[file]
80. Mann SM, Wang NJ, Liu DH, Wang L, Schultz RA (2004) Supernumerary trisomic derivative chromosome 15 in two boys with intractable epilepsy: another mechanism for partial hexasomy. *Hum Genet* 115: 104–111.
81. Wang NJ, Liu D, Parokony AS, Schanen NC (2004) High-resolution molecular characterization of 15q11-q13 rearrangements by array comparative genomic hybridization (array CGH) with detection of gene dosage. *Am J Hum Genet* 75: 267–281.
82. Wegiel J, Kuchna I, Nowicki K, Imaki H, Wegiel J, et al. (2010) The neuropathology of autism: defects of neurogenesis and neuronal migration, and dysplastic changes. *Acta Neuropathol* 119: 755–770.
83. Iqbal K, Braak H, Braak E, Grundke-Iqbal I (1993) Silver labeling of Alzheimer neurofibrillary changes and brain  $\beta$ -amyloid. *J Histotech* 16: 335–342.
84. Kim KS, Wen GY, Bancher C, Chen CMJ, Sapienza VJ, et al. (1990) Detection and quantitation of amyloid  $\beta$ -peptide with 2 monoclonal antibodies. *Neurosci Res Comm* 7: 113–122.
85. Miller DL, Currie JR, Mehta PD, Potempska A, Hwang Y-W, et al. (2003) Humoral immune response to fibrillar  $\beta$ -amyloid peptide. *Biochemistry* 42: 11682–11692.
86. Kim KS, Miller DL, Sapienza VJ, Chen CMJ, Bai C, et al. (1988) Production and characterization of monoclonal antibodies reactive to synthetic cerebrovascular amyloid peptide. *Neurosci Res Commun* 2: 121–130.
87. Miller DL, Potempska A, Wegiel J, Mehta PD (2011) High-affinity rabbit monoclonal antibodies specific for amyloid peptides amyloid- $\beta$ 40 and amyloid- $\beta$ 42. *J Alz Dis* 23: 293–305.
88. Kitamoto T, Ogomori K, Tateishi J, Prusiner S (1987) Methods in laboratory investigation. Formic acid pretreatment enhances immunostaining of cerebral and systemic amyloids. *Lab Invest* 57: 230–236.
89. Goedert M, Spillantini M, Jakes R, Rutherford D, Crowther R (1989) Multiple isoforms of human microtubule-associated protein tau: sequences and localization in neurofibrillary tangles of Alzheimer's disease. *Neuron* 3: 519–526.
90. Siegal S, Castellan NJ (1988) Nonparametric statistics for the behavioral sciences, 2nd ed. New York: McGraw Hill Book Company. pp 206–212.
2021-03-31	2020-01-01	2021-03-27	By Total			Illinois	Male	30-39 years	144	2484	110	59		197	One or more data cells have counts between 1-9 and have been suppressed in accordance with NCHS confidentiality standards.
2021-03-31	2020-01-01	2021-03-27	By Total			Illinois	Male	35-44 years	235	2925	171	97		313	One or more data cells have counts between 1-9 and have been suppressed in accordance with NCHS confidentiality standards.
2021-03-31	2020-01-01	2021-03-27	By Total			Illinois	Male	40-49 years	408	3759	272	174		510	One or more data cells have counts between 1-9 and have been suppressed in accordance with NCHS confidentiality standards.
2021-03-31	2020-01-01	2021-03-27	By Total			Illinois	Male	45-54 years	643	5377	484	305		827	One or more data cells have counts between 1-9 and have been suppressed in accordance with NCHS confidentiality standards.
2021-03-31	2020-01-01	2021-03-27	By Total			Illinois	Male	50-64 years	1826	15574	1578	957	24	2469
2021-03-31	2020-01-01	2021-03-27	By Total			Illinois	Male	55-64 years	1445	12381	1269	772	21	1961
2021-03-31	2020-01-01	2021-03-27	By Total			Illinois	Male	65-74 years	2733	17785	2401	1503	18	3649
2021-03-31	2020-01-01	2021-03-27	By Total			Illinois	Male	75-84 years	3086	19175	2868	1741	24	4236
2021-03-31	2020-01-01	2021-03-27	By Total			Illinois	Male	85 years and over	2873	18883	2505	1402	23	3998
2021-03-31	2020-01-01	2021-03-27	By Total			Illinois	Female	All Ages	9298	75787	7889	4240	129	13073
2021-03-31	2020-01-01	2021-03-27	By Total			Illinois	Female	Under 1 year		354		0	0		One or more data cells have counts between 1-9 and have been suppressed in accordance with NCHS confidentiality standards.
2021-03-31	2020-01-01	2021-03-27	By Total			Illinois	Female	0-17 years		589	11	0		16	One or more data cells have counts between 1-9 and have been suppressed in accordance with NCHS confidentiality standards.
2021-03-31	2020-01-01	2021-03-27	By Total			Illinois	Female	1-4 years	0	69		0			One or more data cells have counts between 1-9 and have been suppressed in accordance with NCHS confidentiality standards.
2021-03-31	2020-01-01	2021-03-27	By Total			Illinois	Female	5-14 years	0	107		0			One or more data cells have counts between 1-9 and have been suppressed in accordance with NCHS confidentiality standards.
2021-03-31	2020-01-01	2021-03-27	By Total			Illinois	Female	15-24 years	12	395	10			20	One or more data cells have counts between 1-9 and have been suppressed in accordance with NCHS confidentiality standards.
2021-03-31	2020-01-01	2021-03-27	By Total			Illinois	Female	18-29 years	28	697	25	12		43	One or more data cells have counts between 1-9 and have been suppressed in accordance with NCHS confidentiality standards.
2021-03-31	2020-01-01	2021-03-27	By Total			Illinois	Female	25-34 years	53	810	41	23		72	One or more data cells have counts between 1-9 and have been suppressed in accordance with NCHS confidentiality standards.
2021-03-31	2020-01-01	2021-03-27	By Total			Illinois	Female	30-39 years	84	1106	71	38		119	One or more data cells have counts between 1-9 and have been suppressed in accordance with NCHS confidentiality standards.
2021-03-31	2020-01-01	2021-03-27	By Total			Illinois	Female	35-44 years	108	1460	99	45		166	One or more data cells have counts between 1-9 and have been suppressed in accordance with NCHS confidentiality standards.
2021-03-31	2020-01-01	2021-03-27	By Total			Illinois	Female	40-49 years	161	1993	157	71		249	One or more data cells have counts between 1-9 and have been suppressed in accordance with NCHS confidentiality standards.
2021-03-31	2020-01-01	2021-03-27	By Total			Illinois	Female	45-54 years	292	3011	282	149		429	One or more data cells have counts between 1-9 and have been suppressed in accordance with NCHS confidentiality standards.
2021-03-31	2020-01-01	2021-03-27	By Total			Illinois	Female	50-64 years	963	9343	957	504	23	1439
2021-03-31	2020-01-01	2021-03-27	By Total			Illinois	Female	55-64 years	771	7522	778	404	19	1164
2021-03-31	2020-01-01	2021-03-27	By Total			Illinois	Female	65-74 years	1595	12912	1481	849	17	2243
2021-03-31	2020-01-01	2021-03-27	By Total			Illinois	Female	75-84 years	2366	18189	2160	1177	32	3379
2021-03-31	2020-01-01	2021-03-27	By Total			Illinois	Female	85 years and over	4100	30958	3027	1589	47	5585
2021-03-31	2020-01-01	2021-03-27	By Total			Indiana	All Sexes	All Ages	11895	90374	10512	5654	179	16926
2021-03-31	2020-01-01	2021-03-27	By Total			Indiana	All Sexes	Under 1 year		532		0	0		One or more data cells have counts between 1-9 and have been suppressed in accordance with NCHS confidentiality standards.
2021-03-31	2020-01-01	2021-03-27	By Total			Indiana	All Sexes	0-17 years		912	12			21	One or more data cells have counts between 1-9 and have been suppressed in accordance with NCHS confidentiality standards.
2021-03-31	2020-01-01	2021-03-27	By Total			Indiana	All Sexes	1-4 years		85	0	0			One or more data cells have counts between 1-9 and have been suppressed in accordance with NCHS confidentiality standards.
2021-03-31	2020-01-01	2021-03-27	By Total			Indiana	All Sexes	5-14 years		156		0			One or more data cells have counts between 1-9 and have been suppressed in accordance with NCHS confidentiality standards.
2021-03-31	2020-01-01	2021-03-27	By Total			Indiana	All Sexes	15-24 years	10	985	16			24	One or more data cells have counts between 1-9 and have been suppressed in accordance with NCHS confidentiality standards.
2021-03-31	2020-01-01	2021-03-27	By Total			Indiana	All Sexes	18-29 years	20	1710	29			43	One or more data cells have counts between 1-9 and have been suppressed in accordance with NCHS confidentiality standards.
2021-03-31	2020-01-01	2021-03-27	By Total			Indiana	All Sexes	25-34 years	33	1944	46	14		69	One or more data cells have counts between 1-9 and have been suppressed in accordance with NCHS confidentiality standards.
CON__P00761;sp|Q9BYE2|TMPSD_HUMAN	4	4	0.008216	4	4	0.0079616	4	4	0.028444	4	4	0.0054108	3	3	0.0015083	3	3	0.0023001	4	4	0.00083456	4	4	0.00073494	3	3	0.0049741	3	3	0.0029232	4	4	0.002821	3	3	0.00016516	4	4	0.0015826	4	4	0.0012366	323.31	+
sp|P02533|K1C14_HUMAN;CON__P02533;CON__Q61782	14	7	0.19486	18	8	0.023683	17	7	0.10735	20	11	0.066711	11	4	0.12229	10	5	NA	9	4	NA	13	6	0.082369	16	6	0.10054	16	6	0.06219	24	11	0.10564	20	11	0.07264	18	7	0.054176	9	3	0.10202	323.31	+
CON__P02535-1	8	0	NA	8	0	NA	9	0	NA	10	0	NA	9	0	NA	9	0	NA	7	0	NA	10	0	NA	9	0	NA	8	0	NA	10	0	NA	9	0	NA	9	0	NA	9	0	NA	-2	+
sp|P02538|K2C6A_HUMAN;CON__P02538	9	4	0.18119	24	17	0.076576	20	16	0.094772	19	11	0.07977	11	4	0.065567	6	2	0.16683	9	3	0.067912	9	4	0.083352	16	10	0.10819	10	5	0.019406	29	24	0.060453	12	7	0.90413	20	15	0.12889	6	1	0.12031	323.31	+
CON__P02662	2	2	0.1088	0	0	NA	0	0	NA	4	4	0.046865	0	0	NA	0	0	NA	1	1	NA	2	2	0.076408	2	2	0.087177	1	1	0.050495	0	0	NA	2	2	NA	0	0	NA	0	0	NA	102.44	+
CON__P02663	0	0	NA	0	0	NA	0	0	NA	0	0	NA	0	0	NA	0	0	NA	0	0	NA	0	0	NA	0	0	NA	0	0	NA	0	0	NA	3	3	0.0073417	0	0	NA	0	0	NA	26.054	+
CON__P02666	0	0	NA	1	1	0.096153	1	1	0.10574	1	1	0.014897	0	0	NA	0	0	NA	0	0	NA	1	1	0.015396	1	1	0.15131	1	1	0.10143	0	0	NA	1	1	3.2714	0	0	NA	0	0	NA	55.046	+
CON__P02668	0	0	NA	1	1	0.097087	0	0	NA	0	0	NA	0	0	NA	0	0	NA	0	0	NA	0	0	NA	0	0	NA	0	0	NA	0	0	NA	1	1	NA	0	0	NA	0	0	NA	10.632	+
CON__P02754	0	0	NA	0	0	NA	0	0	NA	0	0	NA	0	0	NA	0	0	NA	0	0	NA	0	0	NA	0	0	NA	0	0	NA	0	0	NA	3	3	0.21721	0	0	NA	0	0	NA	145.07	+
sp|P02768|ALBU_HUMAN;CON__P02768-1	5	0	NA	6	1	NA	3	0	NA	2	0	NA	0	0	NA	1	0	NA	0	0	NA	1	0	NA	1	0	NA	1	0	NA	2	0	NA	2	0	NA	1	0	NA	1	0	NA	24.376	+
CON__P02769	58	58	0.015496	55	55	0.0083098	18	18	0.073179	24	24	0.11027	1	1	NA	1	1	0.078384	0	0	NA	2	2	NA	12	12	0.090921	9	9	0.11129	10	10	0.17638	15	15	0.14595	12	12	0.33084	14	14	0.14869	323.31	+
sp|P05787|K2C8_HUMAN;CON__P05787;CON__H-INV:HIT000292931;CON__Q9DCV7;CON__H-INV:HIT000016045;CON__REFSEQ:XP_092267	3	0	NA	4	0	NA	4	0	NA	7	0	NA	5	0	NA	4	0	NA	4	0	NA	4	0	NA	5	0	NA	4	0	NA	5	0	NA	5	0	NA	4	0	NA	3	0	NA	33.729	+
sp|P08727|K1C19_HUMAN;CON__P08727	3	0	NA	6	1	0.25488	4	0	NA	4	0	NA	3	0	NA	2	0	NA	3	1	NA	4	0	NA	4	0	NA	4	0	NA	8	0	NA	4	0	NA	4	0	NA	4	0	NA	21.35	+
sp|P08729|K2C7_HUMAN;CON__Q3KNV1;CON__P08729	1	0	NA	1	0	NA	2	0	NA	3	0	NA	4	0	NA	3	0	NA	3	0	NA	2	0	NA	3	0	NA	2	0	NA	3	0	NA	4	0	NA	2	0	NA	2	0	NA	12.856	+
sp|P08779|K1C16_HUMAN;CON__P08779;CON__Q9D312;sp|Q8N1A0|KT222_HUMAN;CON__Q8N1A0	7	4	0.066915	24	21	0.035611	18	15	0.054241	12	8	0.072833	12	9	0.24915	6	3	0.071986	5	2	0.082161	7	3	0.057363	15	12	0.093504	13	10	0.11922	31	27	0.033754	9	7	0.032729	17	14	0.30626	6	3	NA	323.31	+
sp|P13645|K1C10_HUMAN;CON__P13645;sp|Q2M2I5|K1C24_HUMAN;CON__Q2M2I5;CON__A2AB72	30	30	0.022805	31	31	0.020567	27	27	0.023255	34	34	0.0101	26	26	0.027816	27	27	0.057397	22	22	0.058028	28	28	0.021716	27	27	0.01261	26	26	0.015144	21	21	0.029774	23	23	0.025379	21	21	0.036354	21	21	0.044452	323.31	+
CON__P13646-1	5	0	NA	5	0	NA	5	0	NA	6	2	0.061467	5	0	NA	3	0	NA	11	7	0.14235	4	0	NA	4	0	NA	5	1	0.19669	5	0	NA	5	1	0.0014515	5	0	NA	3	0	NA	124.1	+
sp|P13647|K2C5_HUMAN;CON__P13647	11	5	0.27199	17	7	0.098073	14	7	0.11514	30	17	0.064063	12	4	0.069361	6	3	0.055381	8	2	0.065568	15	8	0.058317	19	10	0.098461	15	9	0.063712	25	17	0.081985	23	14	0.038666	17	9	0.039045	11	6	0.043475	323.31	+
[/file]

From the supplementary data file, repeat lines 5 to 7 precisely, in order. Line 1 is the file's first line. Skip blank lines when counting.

84. Kim KS, Wen GY, Bancher C, Chen CMJ, Sapienza VJ, et al. (1990) Detection and quantitation of amyloid  $\beta$ -peptide with 2 monoclonal antibodies. *Neurosci Res Comm* 7: 113–122.
85. Miller DL, Currie JR, Mehta PD, Potempska A, Hwang Y-W, et al. (2003) Humoral immune response to fibrillar  $\beta$ -amyloid peptide. *Biochemistry* 42: 11682–11692.
86. Kim KS, Miller DL, Sapienza VJ, Chen CMJ, Bai C, et al. (1988) Production and characterization of monoclonal antibodies reactive to synthetic cerebrovascular amyloid peptide. *Neurosci Res Commun* 2: 121–130.